Fearing slapped onto a jailhouse slab, Maggie mounts her own investigation. Seems Newport blue blood is tinged with red. And this crimson tide may bleed from the Travellers–modern day gypsies who will stop at nothing to win their deadly con games.

Can Maggie stop this poisonous flow? Or will she become the next victim?

Please visit her website at http://www.lesliekohler.com and on her blog http://lesliekohler.blogspot.com

 

Indie Hero

At least once a month, Indie Hero will feature an Indie Author. If interested, please submit the following:

– Author name / book title

– a brief bio

– book purchase links

– social media links: twitter, facebook, etc.

– Responses to the following questions:

  1. Why did you decide to go indie and self-publish? What was the process like for you?
  2. How do you market/promote/advertise? What’s been successful and what hasn’t?
  3. What advice would you give to an author who’s trying to decide between traditional publishing and independent?
  4. When/how did you realize that you wanted to be a writer?
  5. Most indie authors have day jobs. How has your current or previous employment informed your writing?
  6. Do you have any favorite authors and do they influence your writing?
  7. Anything else readers should know about you?

Please send (just the info listed above) to indieheroblog at gmail dot com

subject: Indie…

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NavasolaNature

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The peony poem in one of my previous posts inspired me to try out a poetry workshop at Keats’ House during the Keats’ festival. I was also interested to find out that the poet Daljit Nagra was to take over as poet in residence there and was leading this workshop on how to write an ode. I have followed from a distance Daljit Nagra’s progress from an aspiring English teacher in a school I worked at to an inspiring poet and much quoted now from many GCSE anthologies. He is a truly modern British poet and very innovative not just with ideas but also language.

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We attempted a Sapphic ode and this meant we had to be concise and focus on a tight structure. This was to be the slightly longer length of 11 syllables to 3 lines and the fourth line with five. Instead of a more traditional 10…

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Indie Hero

agent

A few years ago, Samuel Moffie submitted The Perfect Martini to 100 literary agents. Actually, he submitted 90% of the first twenty pages of Kurt Vonnegut’s Breakfast of Champions disguised as The Perfect Martini. Any guesses on his success rate? 100 out of 100, right? No. Only one agent responded positively, but that’s because the agent recognized the original author. 99 agents declined. Just to be clear, yes, the critically acclaimed, award-winning, nationally revered Kurt Vonnegut. Rejected.

Agents are concerned with commercial viability, that’s first and foremost. Period. Literary quality is a secondary bonus, if present. Now, if Vonnegut wrote a novel where a dominant vampire becomes master to a naive, submissive, shape-shifting werewolf, I’m sure he would have fared better.

Here’s the point. Why spend months, or even years, writing and submitting queries to agents who are clearly looking the other way? If they passed on Kurt Vonnegut, what chance…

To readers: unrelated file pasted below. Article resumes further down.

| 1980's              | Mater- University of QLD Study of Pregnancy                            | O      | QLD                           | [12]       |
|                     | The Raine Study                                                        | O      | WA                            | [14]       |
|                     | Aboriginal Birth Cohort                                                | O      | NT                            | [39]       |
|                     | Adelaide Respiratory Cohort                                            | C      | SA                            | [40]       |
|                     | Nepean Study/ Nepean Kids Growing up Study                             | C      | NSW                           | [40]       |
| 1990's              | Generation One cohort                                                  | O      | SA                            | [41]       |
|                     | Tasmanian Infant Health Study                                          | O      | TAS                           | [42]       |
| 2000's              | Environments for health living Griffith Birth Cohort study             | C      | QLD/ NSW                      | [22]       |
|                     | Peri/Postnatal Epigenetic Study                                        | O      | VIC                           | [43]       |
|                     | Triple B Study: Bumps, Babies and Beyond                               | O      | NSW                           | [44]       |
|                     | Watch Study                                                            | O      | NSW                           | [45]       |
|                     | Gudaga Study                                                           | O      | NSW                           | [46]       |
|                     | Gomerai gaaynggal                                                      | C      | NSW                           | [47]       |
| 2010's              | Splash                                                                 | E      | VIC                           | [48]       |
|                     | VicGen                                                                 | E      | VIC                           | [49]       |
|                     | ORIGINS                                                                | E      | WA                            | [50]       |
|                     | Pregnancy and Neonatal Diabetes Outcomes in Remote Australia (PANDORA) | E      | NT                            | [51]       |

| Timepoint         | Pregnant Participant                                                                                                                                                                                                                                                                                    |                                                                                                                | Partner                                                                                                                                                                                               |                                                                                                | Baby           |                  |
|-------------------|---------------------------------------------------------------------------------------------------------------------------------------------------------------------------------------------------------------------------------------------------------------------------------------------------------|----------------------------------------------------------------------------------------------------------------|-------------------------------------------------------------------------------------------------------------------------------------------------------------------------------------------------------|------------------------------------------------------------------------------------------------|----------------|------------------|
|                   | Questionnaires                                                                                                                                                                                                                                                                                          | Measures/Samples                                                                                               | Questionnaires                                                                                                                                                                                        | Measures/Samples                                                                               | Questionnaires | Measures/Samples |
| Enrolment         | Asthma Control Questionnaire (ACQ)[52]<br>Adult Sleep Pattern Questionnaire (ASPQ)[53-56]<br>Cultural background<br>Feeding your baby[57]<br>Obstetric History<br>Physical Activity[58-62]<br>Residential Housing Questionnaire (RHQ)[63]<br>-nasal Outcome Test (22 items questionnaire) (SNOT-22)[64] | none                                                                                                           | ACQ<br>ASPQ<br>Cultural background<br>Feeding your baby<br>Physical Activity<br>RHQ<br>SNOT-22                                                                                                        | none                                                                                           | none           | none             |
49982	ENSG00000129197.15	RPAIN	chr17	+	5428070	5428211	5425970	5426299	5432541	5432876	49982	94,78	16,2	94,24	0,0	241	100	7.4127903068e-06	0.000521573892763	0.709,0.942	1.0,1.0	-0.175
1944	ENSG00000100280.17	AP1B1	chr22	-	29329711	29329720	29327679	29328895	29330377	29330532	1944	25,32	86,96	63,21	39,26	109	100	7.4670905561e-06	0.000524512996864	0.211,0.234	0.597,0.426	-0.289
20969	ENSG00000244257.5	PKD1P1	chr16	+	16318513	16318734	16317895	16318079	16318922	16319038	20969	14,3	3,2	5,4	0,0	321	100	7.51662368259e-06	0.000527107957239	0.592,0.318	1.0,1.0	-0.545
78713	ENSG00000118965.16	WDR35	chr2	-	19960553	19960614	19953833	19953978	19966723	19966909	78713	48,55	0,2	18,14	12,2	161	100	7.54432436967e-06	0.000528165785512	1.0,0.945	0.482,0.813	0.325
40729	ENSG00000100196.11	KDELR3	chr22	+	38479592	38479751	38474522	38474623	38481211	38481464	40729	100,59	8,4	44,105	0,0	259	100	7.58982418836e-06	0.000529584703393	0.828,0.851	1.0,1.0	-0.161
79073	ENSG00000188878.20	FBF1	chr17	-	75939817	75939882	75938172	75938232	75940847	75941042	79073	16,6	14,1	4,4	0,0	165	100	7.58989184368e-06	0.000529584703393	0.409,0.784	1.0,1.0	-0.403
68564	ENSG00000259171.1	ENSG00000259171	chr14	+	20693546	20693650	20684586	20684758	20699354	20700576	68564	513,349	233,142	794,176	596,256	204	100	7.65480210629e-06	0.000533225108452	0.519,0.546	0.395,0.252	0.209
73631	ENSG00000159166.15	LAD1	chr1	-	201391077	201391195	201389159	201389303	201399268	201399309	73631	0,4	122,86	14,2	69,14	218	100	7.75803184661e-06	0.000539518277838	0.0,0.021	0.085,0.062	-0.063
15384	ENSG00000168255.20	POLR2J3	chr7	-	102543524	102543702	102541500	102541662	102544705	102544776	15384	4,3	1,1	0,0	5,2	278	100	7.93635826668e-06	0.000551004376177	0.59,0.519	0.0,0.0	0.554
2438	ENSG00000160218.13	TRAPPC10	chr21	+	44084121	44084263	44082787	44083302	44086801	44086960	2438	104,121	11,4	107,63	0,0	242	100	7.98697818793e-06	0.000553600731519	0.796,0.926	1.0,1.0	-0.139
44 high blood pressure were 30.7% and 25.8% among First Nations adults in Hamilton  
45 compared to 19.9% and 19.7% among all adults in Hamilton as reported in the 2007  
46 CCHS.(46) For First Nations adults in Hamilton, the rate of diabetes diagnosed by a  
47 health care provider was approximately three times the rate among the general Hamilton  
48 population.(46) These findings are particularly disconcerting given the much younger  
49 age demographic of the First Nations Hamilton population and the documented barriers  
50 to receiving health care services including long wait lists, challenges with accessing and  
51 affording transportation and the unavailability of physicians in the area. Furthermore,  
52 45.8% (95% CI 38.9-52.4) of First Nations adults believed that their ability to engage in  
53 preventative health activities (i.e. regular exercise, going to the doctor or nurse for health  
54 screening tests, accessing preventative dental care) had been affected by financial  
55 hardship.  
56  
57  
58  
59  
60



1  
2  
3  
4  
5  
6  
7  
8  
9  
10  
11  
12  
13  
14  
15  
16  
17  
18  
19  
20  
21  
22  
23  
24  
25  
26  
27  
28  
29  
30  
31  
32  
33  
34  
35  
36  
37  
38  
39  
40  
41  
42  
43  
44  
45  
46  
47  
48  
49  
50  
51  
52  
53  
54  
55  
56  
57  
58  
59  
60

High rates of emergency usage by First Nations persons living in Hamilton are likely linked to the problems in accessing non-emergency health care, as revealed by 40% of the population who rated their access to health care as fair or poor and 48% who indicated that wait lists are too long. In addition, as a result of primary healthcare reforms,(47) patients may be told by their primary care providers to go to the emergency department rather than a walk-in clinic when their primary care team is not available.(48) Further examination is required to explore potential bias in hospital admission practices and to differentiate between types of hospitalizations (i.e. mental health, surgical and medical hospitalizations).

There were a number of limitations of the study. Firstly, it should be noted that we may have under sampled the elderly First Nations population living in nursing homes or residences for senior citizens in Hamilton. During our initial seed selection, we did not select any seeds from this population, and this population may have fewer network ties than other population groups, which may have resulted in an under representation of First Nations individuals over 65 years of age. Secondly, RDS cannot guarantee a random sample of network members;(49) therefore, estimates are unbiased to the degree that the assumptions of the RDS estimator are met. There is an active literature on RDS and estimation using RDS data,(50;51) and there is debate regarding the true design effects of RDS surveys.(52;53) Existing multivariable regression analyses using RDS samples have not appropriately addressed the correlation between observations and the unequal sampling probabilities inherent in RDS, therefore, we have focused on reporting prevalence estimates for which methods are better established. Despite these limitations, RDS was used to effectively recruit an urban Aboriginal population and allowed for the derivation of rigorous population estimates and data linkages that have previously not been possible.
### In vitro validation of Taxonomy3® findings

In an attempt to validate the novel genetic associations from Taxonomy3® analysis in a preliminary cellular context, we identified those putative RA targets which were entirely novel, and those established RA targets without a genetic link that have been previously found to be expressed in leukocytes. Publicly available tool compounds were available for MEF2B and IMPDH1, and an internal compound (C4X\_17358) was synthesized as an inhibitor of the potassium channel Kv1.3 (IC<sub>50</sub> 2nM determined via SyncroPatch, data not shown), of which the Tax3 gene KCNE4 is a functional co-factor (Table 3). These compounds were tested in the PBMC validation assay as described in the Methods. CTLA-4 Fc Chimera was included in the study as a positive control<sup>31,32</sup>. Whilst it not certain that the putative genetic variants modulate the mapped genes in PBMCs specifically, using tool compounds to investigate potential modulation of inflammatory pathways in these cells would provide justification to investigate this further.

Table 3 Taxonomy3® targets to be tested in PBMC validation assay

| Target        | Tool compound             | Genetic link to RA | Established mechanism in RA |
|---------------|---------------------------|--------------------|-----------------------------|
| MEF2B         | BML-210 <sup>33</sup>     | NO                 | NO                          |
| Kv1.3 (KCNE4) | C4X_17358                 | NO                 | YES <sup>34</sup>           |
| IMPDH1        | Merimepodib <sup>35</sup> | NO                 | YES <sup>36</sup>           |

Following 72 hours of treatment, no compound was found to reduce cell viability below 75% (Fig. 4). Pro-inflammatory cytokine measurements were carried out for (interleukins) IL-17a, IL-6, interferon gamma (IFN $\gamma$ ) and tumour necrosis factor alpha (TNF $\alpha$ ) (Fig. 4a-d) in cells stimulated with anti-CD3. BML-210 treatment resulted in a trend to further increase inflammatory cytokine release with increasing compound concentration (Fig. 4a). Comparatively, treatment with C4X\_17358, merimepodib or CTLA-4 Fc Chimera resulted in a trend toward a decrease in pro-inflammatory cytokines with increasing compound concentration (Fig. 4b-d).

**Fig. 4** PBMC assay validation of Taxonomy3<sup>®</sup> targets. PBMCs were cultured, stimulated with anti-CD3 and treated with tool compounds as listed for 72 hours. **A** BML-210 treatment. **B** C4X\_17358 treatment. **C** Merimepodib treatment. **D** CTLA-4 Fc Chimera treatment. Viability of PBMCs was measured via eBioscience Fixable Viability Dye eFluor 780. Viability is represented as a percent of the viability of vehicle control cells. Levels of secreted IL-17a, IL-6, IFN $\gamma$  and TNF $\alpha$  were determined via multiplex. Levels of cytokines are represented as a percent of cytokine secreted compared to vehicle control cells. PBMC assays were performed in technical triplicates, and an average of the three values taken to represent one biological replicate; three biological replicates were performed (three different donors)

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For those authors looking for a new way to promote (that would be almost all of us), I started publishing excerpts of Here Lies Buried with author insight on Bublish.com. While this is not a new idea, it’s a new presentation that goes beyond simply copying excerpts. This format allows for your commentary as well as your photo, bio, book cover with a link to purchase your book. This is great for me. If there’s one thing I can do is talk about different aspects of my book.

See the look for yourself. You can find my first “Bubble” at http://bit.ly/SYYWMV.

On June 21st at 2:00 pm, I will be signing my book, Here Lies Buried, at the Dog Eared Pages Used Book Store in Phoenix, Arizona.

Along with Robert Serocki, Jr, I will be joined by Tara Majuta, Auburn McCanta, and Steven Allen Fleischmann.

Dog-Eared Pages Used Books 

16428 N. 32nd Street 

Phoenix, Arizona 85032 

Store Phone 602-283-5423 

Forwarded to me by Linda Bird, December 17, 2009

One Christmas Carol has always baffled me.  What in the world do leaping lords, French hens, swimming swans, and especially the partridge who won’t come out of the pear tree have to do with Christmas?

 
 

This week, I found out.

From 1558 until 1829, Roman Catholics in England were not permitted to practice their faith openly. Someone during that era wrote this carol as a catechism song for young Catholics.

It has two levels of meaning: the surface meaning plus a hidden meaning known only to members of their church. Each element in the carol has a code word for a religious reality that the children could remember.

  • The partridge in a pear tree was Jesus Christ.
  • Two turtledoves were the Old and New Testaments.
  • Three French hens stood for faith, hope and love.
  • The four calling birds were the four gospels of Matthew, Mark, Luke & John.
  • The five golden rings recalled the Torah or Law, the first five books of the Old Testament.
  • The six geese a-laying stood for the six days of creation.
  • Seven swans a-swimming represented the sevenfold gifts of the Holy Spirit–Prophesy, Serving, Teaching, Exhortation, Contribution, Leadership, and Mercy.
  • The eight maids a-milking were the eight beatitudes.
  • Nine ladies dancing were the nine fruits of the Holy Spirit–Love, Joy, Peace, Patience, Kindness, Goodness,  Faithfulness,
  • Gentleness and Self Control.
  • The ten lords a-leaping were the Ten Commandments.
  • The eleven pipers piping stood for the eleven faithful disciples.
  • The twelve drummers drumming symbolized the twelve points of belief in the Apostles’ Creed.

So there is your history for today. This knowledge was shared with me and I found it interesting and enlightening and now I know how that strange song became a Christmas Carol…so pass it on if you wish.’

Merry (Twelve Days of) Christmas Everyone!